In just a couple of years, social media managed to grow and integrate itself in our personal and professional lives. We can say that social media became a necessity for businesses and brands. It became a powerful and efficient tool of communication for those who know how to use it.
However, to get there, a business/brand must build, cultivate and maintain its social media presence. According to a recent survey, 65 precent of organizations are adjusting their workflow to incorporate social media. These organizations see value in controlling the content that is broadcasted on their social channels. However, this could be a hard task for some companies because it requires time, patience and know-how. With this in mind, more and more companies are hiring marketing agencies to handle their social media activities. According to a recent report, 32 percent of marketers are entrusting their social media accounts to third-party businesses.
Is this a viable solution?
It can be for those who look at it without having a broad perspective and without doing some specific research. There are many risks and before making a decision you need to analyze everything. Things can go wrong in many ways and disputes between companies and the marketing agencies they hire can arise at any moment.
Let’s just take the case of a non profit organization (NPO) that had a legal quarrel with the marketing agency it hired. At a certain point, the NPO was late on one payment so the marketing agency decided to change the passwords of the social media accounts (Facebook and Twitter). Did the NPO foresee this situation? Did it take all the required measures? Sadly, no.
It’s best to avoid these kinds of situations because social media is a new field and the laws are rather vague at this moment. However, if you want a more detailed perspective on the risks associated with marketing and social media, you can find below an excerpt from a white paper published by Venable LLP, a corporate law firm:
Companies that have relationships with third-party affiliate marketers should ensure that those affiliates comply with advertising and marketing laws in marketing the companies’ products or services through social media. Businesses should have agreements with affiliates requiring the affiliates to comply with all applicable federal, state, and local laws and regulations; it may be prudent to include specific representations and warranties by the affiliate with respect to compliance, with specific references to significant laws such as the FTC Act. The agreements should also have a provision whereby the affiliate agrees to indemnify the company (either though a mutual indemnification or otherwise) from liability arising out of the affiliate’s conduct – preferably with a provision requiring that the affiliate carry sufficient insurance to fund the indemnification should it be triggered.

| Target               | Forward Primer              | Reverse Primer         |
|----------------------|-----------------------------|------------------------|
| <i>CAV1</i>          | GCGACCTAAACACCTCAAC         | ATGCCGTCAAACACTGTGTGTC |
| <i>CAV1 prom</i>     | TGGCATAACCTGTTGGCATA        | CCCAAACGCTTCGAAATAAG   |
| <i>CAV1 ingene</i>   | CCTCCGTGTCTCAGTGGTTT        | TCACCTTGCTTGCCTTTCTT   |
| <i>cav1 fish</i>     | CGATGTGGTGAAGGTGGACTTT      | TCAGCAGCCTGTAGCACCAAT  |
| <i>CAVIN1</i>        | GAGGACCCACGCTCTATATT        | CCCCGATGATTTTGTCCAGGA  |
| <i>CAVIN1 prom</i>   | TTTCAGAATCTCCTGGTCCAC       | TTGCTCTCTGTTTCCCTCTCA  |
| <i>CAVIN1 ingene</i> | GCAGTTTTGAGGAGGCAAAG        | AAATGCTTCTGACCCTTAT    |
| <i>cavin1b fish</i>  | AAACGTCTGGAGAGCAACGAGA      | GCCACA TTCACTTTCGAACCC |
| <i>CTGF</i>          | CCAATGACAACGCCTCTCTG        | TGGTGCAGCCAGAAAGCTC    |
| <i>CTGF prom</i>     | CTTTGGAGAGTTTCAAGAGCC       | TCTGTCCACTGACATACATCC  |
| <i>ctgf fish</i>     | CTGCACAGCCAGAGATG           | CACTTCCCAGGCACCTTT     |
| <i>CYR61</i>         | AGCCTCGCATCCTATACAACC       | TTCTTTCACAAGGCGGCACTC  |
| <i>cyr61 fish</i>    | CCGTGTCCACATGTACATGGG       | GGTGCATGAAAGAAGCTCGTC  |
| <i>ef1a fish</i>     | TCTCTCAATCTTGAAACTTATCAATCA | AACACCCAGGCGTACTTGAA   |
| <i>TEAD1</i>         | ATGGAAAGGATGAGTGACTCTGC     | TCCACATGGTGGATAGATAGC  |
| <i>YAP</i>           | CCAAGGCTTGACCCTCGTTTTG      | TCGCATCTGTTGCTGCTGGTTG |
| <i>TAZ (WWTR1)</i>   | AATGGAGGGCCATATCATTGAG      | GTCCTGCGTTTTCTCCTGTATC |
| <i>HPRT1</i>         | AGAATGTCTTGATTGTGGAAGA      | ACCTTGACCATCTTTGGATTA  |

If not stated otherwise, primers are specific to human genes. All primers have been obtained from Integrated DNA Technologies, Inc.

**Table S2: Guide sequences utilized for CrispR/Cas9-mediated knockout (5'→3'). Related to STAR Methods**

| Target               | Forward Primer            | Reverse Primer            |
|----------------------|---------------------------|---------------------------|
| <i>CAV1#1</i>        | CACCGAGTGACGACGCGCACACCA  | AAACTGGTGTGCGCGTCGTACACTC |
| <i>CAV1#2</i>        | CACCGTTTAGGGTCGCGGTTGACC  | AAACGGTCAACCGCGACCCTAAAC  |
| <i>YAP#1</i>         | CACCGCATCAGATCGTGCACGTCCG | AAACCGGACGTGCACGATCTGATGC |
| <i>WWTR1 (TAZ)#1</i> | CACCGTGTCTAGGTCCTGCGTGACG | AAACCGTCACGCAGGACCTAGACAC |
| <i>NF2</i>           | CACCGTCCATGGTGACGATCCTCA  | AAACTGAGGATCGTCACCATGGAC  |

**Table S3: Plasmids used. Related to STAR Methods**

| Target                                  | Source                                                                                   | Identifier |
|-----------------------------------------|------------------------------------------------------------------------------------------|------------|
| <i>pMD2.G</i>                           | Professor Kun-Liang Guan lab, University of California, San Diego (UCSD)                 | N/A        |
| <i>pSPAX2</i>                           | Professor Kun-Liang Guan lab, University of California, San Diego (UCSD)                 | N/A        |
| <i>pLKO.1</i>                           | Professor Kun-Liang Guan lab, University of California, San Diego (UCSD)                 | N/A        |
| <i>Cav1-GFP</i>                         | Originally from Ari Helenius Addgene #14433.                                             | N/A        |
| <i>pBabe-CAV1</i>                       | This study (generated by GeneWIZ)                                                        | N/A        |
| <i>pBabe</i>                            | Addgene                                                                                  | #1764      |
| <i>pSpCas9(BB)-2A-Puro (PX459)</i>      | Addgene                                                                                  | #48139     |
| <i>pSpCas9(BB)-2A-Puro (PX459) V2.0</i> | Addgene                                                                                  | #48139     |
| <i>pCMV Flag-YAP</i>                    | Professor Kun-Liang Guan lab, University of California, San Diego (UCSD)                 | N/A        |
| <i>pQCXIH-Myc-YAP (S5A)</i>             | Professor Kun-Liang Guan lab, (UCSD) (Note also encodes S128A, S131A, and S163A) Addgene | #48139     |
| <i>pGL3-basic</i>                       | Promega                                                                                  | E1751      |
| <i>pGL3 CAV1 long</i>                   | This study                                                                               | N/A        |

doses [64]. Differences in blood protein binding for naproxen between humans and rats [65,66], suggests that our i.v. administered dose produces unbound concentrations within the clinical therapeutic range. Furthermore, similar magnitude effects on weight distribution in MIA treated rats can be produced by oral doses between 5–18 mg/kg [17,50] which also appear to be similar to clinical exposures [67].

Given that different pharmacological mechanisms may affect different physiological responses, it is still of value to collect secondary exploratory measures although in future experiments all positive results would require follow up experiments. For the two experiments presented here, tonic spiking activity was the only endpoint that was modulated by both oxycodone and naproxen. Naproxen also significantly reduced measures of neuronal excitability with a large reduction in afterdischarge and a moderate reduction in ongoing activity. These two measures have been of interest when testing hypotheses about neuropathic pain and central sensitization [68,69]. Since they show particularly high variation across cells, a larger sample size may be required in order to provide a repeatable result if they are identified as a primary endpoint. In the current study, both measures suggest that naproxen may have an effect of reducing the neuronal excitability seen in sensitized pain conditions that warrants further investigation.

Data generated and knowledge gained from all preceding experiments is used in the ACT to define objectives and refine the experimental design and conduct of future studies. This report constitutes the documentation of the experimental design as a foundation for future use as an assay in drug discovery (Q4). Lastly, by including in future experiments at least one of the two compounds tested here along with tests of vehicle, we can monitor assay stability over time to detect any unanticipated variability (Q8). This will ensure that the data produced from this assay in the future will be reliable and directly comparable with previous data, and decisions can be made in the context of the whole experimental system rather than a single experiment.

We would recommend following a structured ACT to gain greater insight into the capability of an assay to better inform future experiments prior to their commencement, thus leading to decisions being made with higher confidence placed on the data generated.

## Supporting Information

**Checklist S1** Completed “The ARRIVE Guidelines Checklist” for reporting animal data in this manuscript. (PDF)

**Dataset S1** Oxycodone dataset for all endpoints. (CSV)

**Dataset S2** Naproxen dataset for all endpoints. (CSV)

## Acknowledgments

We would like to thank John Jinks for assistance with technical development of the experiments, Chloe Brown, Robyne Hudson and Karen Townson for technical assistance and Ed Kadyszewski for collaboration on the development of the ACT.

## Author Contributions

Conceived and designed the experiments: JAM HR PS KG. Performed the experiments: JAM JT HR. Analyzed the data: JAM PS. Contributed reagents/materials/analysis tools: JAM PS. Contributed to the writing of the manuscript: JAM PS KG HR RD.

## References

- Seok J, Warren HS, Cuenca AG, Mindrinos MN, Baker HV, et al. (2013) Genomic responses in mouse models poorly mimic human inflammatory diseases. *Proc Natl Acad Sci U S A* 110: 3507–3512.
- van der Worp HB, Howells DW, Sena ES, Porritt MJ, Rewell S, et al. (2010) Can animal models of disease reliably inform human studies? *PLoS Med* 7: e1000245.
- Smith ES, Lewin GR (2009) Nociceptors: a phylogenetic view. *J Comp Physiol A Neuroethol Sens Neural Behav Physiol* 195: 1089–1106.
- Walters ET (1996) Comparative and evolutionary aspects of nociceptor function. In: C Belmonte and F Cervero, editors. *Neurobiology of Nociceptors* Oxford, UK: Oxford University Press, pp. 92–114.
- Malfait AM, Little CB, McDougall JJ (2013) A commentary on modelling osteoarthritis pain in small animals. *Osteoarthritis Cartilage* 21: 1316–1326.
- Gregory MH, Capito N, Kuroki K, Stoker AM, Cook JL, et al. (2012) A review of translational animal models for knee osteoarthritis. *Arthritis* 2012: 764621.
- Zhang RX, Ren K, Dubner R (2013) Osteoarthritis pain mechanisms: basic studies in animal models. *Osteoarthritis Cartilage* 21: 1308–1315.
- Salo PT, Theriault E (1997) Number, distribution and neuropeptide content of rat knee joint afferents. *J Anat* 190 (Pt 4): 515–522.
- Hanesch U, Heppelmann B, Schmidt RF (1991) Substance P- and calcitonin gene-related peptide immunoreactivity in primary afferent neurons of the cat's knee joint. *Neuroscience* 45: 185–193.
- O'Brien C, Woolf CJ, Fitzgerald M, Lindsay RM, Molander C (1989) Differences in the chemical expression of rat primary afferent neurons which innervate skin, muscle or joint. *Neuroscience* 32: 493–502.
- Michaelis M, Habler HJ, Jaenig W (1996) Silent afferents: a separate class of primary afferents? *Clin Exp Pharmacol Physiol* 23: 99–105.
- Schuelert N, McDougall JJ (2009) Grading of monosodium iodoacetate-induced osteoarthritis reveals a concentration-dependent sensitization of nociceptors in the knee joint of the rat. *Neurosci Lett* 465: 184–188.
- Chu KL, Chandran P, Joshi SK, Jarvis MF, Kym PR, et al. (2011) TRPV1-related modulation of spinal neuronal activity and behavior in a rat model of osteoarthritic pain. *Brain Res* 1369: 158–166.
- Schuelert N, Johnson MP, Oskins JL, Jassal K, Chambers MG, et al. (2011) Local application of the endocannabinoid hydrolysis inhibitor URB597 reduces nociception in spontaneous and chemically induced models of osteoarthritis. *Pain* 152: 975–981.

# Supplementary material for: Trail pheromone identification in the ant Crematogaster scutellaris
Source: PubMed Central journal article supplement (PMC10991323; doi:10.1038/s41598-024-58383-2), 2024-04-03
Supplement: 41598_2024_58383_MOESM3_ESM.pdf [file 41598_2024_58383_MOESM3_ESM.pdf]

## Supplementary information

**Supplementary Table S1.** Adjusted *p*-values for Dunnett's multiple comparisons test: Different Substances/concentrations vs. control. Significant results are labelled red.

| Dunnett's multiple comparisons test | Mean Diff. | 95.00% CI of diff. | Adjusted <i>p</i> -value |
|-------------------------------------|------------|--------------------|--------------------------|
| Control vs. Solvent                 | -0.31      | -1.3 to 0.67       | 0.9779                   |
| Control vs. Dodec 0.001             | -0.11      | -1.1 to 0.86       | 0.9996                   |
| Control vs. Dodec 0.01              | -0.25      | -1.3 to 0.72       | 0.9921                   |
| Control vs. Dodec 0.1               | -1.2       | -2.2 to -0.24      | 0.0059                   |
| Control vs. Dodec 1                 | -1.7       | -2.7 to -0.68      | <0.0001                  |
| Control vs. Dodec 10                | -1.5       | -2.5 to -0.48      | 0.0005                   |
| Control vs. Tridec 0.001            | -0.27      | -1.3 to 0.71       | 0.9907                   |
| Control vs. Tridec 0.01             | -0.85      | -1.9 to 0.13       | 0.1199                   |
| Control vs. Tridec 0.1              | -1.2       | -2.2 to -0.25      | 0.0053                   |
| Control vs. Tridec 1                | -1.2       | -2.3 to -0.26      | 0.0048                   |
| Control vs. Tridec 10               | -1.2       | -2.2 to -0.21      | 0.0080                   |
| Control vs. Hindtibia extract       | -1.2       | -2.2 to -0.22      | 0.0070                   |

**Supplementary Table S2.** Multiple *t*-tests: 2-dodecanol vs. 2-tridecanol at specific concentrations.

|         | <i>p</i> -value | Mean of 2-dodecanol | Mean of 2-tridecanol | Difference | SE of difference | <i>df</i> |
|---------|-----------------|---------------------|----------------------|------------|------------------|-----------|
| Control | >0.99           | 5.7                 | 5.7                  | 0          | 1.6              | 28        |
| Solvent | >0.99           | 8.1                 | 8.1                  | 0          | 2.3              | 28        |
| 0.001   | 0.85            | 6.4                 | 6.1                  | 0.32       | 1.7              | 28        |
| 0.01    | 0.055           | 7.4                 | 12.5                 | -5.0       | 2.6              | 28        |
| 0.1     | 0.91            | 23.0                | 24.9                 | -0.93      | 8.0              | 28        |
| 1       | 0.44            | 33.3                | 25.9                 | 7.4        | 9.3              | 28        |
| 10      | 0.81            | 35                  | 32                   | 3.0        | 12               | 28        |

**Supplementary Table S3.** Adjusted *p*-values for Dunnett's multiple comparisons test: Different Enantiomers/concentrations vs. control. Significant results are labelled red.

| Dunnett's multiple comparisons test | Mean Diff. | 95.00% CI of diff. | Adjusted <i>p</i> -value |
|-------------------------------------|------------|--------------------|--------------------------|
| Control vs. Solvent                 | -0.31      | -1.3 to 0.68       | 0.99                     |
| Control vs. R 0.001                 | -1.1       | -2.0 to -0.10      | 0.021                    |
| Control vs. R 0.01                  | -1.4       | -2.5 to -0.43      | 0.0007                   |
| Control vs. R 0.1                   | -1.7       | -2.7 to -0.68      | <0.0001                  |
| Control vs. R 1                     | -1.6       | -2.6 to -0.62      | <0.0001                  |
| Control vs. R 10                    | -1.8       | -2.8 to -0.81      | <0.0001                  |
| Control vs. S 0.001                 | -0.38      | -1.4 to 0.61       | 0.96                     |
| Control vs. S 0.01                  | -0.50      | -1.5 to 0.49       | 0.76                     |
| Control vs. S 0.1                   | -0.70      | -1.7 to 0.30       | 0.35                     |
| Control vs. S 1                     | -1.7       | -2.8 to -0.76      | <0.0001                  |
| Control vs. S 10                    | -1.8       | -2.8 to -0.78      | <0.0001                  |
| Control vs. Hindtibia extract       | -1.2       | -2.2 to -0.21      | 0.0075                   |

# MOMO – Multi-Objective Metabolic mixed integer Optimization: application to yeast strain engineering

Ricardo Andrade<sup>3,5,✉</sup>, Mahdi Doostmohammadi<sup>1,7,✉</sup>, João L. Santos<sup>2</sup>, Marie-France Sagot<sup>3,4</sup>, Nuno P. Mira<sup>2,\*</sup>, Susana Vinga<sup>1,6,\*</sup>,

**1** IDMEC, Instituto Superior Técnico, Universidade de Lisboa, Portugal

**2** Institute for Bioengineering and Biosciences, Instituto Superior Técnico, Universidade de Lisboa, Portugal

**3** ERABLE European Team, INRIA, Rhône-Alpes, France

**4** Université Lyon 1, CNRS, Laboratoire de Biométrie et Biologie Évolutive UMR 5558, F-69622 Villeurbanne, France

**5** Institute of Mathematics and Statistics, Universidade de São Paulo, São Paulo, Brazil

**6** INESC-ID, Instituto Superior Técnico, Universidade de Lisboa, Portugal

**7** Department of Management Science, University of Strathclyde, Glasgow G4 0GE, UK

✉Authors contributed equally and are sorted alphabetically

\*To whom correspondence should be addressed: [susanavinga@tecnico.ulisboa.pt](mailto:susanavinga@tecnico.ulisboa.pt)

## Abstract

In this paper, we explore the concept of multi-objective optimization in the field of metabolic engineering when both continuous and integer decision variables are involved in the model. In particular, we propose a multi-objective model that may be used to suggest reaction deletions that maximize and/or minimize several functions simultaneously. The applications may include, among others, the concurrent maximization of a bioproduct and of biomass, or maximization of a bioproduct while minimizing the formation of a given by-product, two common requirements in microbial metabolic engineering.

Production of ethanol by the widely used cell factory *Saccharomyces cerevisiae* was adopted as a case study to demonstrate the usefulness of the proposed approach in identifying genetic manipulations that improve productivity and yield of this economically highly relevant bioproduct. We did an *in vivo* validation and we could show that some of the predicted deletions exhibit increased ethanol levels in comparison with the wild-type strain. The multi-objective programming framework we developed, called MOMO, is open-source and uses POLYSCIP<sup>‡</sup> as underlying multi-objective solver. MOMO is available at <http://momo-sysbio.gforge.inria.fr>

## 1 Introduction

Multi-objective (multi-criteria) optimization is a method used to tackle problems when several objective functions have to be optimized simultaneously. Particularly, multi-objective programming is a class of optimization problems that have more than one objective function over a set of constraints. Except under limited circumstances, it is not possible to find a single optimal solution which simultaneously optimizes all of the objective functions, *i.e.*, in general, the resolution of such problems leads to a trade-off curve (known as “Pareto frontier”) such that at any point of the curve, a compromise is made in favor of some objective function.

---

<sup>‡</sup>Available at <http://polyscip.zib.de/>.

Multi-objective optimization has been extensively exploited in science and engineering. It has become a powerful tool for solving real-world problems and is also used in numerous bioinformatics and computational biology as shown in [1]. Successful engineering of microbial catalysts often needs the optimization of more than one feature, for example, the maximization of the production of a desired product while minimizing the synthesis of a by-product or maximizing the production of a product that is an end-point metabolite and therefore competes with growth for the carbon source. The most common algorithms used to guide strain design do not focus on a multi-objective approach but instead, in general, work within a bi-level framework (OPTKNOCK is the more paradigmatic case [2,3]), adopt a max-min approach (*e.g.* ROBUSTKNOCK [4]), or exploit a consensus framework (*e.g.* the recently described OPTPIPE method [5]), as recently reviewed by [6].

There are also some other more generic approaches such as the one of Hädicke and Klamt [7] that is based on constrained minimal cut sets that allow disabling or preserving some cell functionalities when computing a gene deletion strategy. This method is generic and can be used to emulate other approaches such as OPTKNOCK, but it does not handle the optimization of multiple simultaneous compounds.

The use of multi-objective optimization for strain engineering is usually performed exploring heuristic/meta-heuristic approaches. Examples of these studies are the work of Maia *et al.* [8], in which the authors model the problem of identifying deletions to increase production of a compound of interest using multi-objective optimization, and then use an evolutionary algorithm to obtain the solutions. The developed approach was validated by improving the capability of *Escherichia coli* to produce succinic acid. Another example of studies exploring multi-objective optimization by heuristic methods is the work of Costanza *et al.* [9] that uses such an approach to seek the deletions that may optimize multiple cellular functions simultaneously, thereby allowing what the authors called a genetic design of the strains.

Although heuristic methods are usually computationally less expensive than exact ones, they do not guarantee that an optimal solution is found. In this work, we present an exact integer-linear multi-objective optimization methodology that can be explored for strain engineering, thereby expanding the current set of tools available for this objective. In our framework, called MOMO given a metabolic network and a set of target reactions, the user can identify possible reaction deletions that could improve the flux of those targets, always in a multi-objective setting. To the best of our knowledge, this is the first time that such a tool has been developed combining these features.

On a related note, confidentiality provisions and related provisions ensuring data security have become increasingly important in the current legal environment, particularly in agreements involving cross-border activities where consumer personal information is collected online. Additionally, businesses should, to the extent it is feasible, monitor the advertising and marketing practices of affiliates and review their marketing materials before they are disseminated. A company should take similar measures with respect to third parties who market through social media outlets operated by the company.
Let us give you another example, a more in-house one. We will take the PhoneDog vs. Kravitz case. Noah Kravitz is a blogger who worked for PhoneDog (tech blog). When he started working, he created a Twitter account, @PhoneDog_Noah, which gathered around 17.000 followers. In 2010, Noah Kravitz left PhoneDog in good terms. He managed to keep the created Twitter account with all of its followers, changing the username from @PhoneDog_Noah to @NoahKravitz.
Things got ugly when he filed suit over back pay. PhoneDog countersued, claiming the followers of the created Twitter account (@PhoneDog_Noah). They requested $2.50 for each of the followers.
This case got its final outcome at the beginning of December. PhoneDog and Noah Kravitz decided to settle so it’s still hard to say who owns certain Twitter accounts, in this case @PhoneDog_Noah/@NoahKravitz.
These situations can be easily avoided if you, as a company, make your own social media policy. If this might seem a tough job, visit SocialMediaGovernance. The website offers a section with 218 social media policies.
Also, keep in mind the following questions before deciding to hire a third-party company to take care of your social media presence:
Will it do a better job than your staff?
Will it understand your brand completely?
As a conclusion and recommendation, if you still want to follow this path, make sure you pave it well enough and get professional help when needed. Be smart, learn from others’ mistakes! The simplySocial team is here to ensure your online success.